Benjamin became a captain of the 34th Foot of the British army during the American Revolution. He was captured during the Battle of Brandywine and later reported dead of gaol fever as a prisoner of war in New Jersey, though the report was strongly disputed by his family. As of 1779, he had supposedly left an American widow and infant son, but this was also in dispute.
Benjamin, along side his brothers, attend the christening of their new baby sister Dorothea Grey at St James church. Famished following the christening he and his brothers demand something to eat from their father, being joined by their uncle.
Benjamin and his brothers are mentioned in a letter from Harold Grey that Lord John Grey receives while he is in Canada. Hal conveys his sons' firm belief that no "Red Indian" would succeed in taking his scalp, and recommends bringing home three "tommyhawks" for the boys.
Unbeknownst to Benjamin, his uncle John was casually observing from the house as he and his younger brothers Adam and Henry played a game of tigers and hunters out in the garden. His toddler sister Dottie was occupied with the nurse at the goldfish pond, the nurse giving a mere eye roll to the boys' antics as they cursed during their game. Despite his mother's efforts of enforcing that his father and uncle not curse in English around them, they still picked up the words.
During a brief conversation both with his father and his mother his uncle became fully aware, having been away when it all occurred, that Benjamin was born but a mere three months following his parents wedding. John thought to himself that it was good, given timeline, that Benjamin so strongly resembles his father.
As both his uncle and Jamie Fraser sought refuge for a quite place to think, Benjamin is entertaining his mother by reciting Cesar. A passage that he often loses his place and finds the need to start over.
Following John's now famous duel with Edward Twelvetrees, Benjamin and his brothers descend upon him while he was recovering at their home. All three wanted to see their uncle's injuries and hear the tale from his own lips of the duel. For them, this is the most exciting thing to happen. They were all in awed admiration at the sight of impressive wound that had extended the original slash creating a six inch gash across the left side of their uncle's upper chest. They of course began to ask if it hurt, which their focus suddenly changed at the mention of a wound upon John's leg being a larger discomfort.
In their rush to see the wound they nearly pitched him off his bed. When Adam, so innocently, blurts out an observation in regards to their uncle's private area Ben giggles with his brothers at their uncle's reply. Unlike his younger brothers Ben has a slightly better idea of what his uncle meant, he being the eldest and no longer in the nursery under the guard of their nanny. Instead he has a tutor, Mr. Whibley, who is to be teaching him the rudiments of Latin. He would go to the theater now and then, in the name of culture, with his tutor.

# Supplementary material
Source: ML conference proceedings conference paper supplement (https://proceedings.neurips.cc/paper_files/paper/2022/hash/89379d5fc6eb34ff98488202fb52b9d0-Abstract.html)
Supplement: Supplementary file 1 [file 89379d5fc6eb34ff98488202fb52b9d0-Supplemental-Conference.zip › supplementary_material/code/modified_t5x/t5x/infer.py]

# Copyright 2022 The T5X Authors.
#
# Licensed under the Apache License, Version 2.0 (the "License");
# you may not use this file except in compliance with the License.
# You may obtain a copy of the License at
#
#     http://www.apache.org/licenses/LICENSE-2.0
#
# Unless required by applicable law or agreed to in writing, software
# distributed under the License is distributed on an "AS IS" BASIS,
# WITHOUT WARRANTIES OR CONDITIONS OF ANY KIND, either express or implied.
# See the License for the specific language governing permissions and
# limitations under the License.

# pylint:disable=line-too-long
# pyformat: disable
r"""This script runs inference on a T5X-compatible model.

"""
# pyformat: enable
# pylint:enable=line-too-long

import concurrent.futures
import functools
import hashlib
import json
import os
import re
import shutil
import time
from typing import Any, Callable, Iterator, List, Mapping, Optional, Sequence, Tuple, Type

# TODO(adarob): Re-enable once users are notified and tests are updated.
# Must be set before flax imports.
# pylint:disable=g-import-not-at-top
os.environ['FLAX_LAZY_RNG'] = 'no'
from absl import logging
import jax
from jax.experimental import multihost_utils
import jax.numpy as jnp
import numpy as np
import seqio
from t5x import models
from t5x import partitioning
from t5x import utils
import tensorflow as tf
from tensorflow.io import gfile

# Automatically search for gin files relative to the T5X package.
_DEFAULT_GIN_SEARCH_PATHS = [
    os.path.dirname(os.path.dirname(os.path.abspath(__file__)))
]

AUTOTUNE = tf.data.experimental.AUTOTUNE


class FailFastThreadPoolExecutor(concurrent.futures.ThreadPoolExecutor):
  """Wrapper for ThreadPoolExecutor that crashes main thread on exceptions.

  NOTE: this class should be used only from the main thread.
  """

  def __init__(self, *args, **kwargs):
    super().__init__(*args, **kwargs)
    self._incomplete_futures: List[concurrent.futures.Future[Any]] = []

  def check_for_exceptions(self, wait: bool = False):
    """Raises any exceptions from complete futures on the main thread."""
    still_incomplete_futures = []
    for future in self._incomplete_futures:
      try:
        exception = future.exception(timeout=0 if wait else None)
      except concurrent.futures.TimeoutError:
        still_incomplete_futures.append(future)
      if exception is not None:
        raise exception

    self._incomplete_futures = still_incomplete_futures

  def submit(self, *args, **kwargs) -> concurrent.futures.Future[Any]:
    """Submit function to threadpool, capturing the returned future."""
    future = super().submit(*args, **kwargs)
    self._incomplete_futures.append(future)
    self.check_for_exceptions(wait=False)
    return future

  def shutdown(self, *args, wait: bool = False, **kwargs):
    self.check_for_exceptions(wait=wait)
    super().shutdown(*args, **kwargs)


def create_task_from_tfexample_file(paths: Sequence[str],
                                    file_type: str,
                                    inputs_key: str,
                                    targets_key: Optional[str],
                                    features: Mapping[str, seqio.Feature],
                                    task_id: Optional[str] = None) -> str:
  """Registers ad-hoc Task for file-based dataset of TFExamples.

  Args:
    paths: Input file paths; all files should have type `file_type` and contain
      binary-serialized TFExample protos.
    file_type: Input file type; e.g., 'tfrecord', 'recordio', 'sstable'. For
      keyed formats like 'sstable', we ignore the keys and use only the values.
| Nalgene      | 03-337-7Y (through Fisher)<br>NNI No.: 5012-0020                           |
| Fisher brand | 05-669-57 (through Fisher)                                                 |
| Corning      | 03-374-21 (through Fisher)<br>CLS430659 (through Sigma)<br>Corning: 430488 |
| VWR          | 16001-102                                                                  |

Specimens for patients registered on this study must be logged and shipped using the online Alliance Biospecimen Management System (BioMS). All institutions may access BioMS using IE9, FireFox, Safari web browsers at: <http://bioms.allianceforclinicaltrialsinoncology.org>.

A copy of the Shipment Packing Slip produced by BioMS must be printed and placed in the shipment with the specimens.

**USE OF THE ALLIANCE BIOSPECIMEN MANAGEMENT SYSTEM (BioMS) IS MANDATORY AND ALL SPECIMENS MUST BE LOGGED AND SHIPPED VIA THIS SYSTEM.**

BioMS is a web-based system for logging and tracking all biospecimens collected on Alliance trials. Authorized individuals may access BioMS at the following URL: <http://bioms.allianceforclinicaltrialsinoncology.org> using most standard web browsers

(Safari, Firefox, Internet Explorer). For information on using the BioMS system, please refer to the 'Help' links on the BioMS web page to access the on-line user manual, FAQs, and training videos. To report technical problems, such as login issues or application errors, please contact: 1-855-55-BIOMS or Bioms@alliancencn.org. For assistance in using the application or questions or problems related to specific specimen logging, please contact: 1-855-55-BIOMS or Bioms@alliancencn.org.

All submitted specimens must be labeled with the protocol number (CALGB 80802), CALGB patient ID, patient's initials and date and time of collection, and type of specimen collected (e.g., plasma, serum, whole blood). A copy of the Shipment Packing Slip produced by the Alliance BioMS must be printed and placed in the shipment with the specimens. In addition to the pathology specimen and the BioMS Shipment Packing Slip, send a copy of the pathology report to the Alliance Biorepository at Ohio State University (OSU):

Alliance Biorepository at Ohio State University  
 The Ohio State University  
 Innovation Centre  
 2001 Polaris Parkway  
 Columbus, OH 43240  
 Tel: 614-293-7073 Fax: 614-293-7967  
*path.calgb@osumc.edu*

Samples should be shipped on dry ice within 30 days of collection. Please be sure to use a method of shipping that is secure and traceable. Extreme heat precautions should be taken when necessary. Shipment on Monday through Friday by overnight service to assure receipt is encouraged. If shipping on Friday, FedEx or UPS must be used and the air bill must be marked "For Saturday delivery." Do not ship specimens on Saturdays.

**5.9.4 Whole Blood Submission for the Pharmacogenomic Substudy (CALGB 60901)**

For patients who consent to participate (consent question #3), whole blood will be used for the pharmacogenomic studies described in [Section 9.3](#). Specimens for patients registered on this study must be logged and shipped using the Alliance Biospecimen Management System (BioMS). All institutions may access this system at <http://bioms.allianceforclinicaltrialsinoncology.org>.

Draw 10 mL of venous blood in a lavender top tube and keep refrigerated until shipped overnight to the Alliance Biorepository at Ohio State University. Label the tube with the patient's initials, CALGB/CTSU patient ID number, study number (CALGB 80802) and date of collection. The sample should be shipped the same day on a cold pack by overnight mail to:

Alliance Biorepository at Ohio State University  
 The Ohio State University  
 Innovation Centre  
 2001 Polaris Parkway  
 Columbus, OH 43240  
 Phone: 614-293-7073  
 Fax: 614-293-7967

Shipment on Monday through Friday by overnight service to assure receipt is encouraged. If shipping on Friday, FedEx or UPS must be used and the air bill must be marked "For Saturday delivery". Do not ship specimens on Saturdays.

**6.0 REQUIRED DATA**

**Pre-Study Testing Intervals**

Over milk and bread the trio of brothers update their uncle on the happenings of the house. Such as Nasonby having injured his ankle, Cook's disagreement with the fishmonger, their spaniel named Lucy having her puppies, and Mrs. Weston having a fit. As his brothers snuggle to their uncle, John requests of Ben to provide entertainment. Benjamin's rendition of "The Twelve Days of Christmas" was interrupted at the arrival of their mother who hurried them out of the room.
Captain Benjamin Grey has been captured by the Rebels at the Brandywine. Harold Grey, Duke of Pardloe, receives a letter from a woman named Amaranthus Cowden, purporting to be Ben's wife and the mother of his three-month-old son (and Pardloe's grandson), Trevor Wattiswade Grey. Pardloe believes she may be telling the truth, since the child bears the unusual name of his wife's family, Wattiswade. Later, Pardloe is informed by Captain Richardson that Ben has died while a prisoner of war. Ben's step-cousin, William Ransom, goes to reclaim his body and discovers that the body buried in his grave is not that of Benjamin Grey, prompting the hope that Ben is, after all, still alive.
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- Amaranthus Cowden: Benjamin allegedly married Amaranthus around 1776 and had a child by her. Whether or not he has in fact died as a prisoner of war, Ben isn't around to challenge her claim.
- Benjamin is from the Hebrew name בִּנְיָמִין (Binyamin) which means "son of the south" or "son of the right hand".
- Grey has two possible origins: 1) an Anglo-Saxon, Old English nickname for someone with grey hair or a grey beard, derived from the Old English pre 7th Century word "graeg", grey; 2) from the place called "Graye" in Calvados, Normandy, so called from the Old Gallo-Roman personal name "Gratus" meaning "Welcome" or "Pleasing", with the suffix "acum" meaning settlement or village.
- It is noted that Benjamin was part of the 34th Foot Regiment however this regiment was not part of the Battle of Brandywine where he was captured.
- ↑ Age as of the end of Written in My Own Heart's Blood.
- ↑ 2.0 2.1 Written in My Own Heart's Blood, Chapter 135: Lord John Grey calls Ben's wife, Amaranthus Cowden, Viscountess Grey, and addresses her as Lady Grey. Benjamin would be allowed use of a courtesy title as heir apparent to Harold Grey.
- ↑ The Scottish Prisoner, chapter 10
- ↑ Behind the Name: Benjamin - accessed 03 June 2016
- ↑ The Internet Surname Database – accessed 19 June 2014